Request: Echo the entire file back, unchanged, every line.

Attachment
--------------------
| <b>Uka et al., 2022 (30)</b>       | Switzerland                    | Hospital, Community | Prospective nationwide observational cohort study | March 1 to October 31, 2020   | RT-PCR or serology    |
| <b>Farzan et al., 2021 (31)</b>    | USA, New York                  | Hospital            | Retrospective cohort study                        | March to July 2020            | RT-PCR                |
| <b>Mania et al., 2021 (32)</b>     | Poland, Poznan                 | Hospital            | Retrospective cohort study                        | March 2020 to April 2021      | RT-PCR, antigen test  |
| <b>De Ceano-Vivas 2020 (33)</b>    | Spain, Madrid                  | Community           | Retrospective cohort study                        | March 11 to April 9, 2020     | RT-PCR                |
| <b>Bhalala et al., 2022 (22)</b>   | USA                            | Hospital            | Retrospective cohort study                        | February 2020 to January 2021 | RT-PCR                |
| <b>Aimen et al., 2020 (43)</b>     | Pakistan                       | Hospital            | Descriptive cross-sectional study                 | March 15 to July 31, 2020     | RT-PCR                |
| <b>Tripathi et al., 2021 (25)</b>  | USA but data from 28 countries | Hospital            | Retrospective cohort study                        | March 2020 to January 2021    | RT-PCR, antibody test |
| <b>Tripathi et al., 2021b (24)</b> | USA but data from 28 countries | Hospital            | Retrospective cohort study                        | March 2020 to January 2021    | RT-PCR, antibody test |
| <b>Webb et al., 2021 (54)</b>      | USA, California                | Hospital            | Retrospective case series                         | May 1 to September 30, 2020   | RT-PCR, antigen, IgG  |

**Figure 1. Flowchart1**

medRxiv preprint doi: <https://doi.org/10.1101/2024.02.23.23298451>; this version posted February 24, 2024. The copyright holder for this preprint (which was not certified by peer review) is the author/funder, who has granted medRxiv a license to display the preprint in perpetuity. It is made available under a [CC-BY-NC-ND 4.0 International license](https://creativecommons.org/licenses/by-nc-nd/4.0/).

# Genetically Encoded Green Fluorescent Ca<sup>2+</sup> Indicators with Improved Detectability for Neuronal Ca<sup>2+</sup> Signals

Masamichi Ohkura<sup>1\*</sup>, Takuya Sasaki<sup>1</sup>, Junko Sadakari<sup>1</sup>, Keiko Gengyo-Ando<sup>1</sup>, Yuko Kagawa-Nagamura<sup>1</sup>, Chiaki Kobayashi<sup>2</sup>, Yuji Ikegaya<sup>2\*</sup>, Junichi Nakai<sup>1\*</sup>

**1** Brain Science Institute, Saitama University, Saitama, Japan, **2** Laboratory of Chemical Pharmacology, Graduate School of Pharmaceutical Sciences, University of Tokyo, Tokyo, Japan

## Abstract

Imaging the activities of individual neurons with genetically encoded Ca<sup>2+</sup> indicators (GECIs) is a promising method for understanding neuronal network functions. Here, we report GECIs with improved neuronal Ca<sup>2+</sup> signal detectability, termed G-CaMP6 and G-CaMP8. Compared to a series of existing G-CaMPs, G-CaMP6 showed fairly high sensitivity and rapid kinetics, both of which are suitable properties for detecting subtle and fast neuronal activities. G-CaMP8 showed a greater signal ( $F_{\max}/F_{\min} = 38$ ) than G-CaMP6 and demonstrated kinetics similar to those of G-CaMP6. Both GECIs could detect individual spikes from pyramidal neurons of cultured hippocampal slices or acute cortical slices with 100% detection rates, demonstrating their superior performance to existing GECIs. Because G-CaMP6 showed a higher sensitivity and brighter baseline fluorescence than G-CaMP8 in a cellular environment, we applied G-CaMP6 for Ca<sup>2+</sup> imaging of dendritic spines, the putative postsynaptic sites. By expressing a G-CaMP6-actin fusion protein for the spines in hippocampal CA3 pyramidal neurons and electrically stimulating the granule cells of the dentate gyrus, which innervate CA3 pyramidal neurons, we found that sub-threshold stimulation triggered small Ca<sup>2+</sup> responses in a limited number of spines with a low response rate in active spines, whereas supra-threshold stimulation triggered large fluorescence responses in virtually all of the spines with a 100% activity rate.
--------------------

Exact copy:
| <b>Uka et al., 2022 (30)</b>       | Switzerland                    | Hospital, Community | Prospective nationwide observational cohort study | March 1 to October 31, 2020   | RT-PCR or serology    |
| <b>Farzan et al., 2021 (31)</b>    | USA, New York                  | Hospital            | Retrospective cohort study                        | March to July 2020            | RT-PCR                |
| <b>Mania et al., 2021 (32)</b>     | Poland, Poznan                 | Hospital            | Retrospective cohort study                        | March 2020 to April 2021      | RT-PCR, antigen test  |
| <b>De Ceano-Vivas 2020 (33)</b>    | Spain, Madrid                  | Community           | Retrospective cohort study                        | March 11 to April 9, 2020     | RT-PCR                |
| <b>Bhalala et al., 2022 (22)</b>   | USA                            | Hospital            | Retrospective cohort study                        | February 2020 to January 2021 | RT-PCR                |
| <b>Aimen et al., 2020 (43)</b>     | Pakistan                       | Hospital            | Descriptive cross-sectional study                 | March 15 to July 31, 2020     | RT-PCR                |
| <b>Tripathi et al., 2021 (25)</b>  | USA but data from 28 countries | Hospital            | Retrospective cohort study                        | March 2020 to January 2021    | RT-PCR, antibody test |
| <b>Tripathi et al., 2021b (24)</b> | USA but data from 28 countries | Hospital            | Retrospective cohort study                        | March 2020 to January 2021    | RT-PCR, antibody test |
| <b>Webb et al., 2021 (54)</b>      | USA, California                | Hospital            | Retrospective case series                         | May 1 to September 30, 2020   | RT-PCR, antigen, IgG  |

**Figure 1. Flowchart1**

medRxiv preprint doi: <https://doi.org/10.1101/2024.02.23.23298451>; this version posted February 24, 2024. The copyright holder for this preprint (which was not certified by peer review) is the author/funder, who has granted medRxiv a license to display the preprint in perpetuity. It is made available under a [CC-BY-NC-ND 4.0 International license](https://creativecommons.org/licenses/by-nc-nd/4.0/).

# Genetically Encoded Green Fluorescent Ca<sup>2+</sup> Indicators with Improved Detectability for Neuronal Ca<sup>2+</sup> Signals

Masamichi Ohkura<sup>1\*</sup>, Takuya Sasaki<sup>1</sup>, Junko Sadakari<sup>1</sup>, Keiko Gengyo-Ando<sup>1</sup>, Yuko Kagawa-Nagamura<sup>1</sup>, Chiaki Kobayashi<sup>2</sup>, Yuji Ikegaya<sup>2\*</sup>, Junichi Nakai<sup>1\*</sup>

**1** Brain Science Institute, Saitama University, Saitama, Japan, **2** Laboratory of Chemical Pharmacology, Graduate School of Pharmaceutical Sciences, University of Tokyo, Tokyo, Japan

## Abstract

Imaging the activities of individual neurons with genetically encoded Ca<sup>2+</sup> indicators (GECIs) is a promising method for understanding neuronal network functions. Here, we report GECIs with improved neuronal Ca<sup>2+</sup> signal detectability, termed G-CaMP6 and G-CaMP8. Compared to a series of existing G-CaMPs, G-CaMP6 showed fairly high sensitivity and rapid kinetics, both of which are suitable properties for detecting subtle and fast neuronal activities. G-CaMP8 showed a greater signal ( $F_{\max}/F_{\min} = 38$ ) than G-CaMP6 and demonstrated kinetics similar to those of G-CaMP6. Both GECIs could detect individual spikes from pyramidal neurons of cultured hippocampal slices or acute cortical slices with 100% detection rates, demonstrating their superior performance to existing GECIs. Because G-CaMP6 showed a higher sensitivity and brighter baseline fluorescence than G-CaMP8 in a cellular environment, we applied G-CaMP6 for Ca<sup>2+</sup> imaging of dendritic spines, the putative postsynaptic sites. By expressing a G-CaMP6-actin fusion protein for the spines in hippocampal CA3 pyramidal neurons and electrically stimulating the granule cells of the dentate gyrus, which innervate CA3 pyramidal neurons, we found that sub-threshold stimulation triggered small Ca<sup>2+</sup> responses in a limited number of spines with a low response rate in active spines, whereas supra-threshold stimulation triggered large fluorescence responses in virtually all of the spines with a 100% activity rate.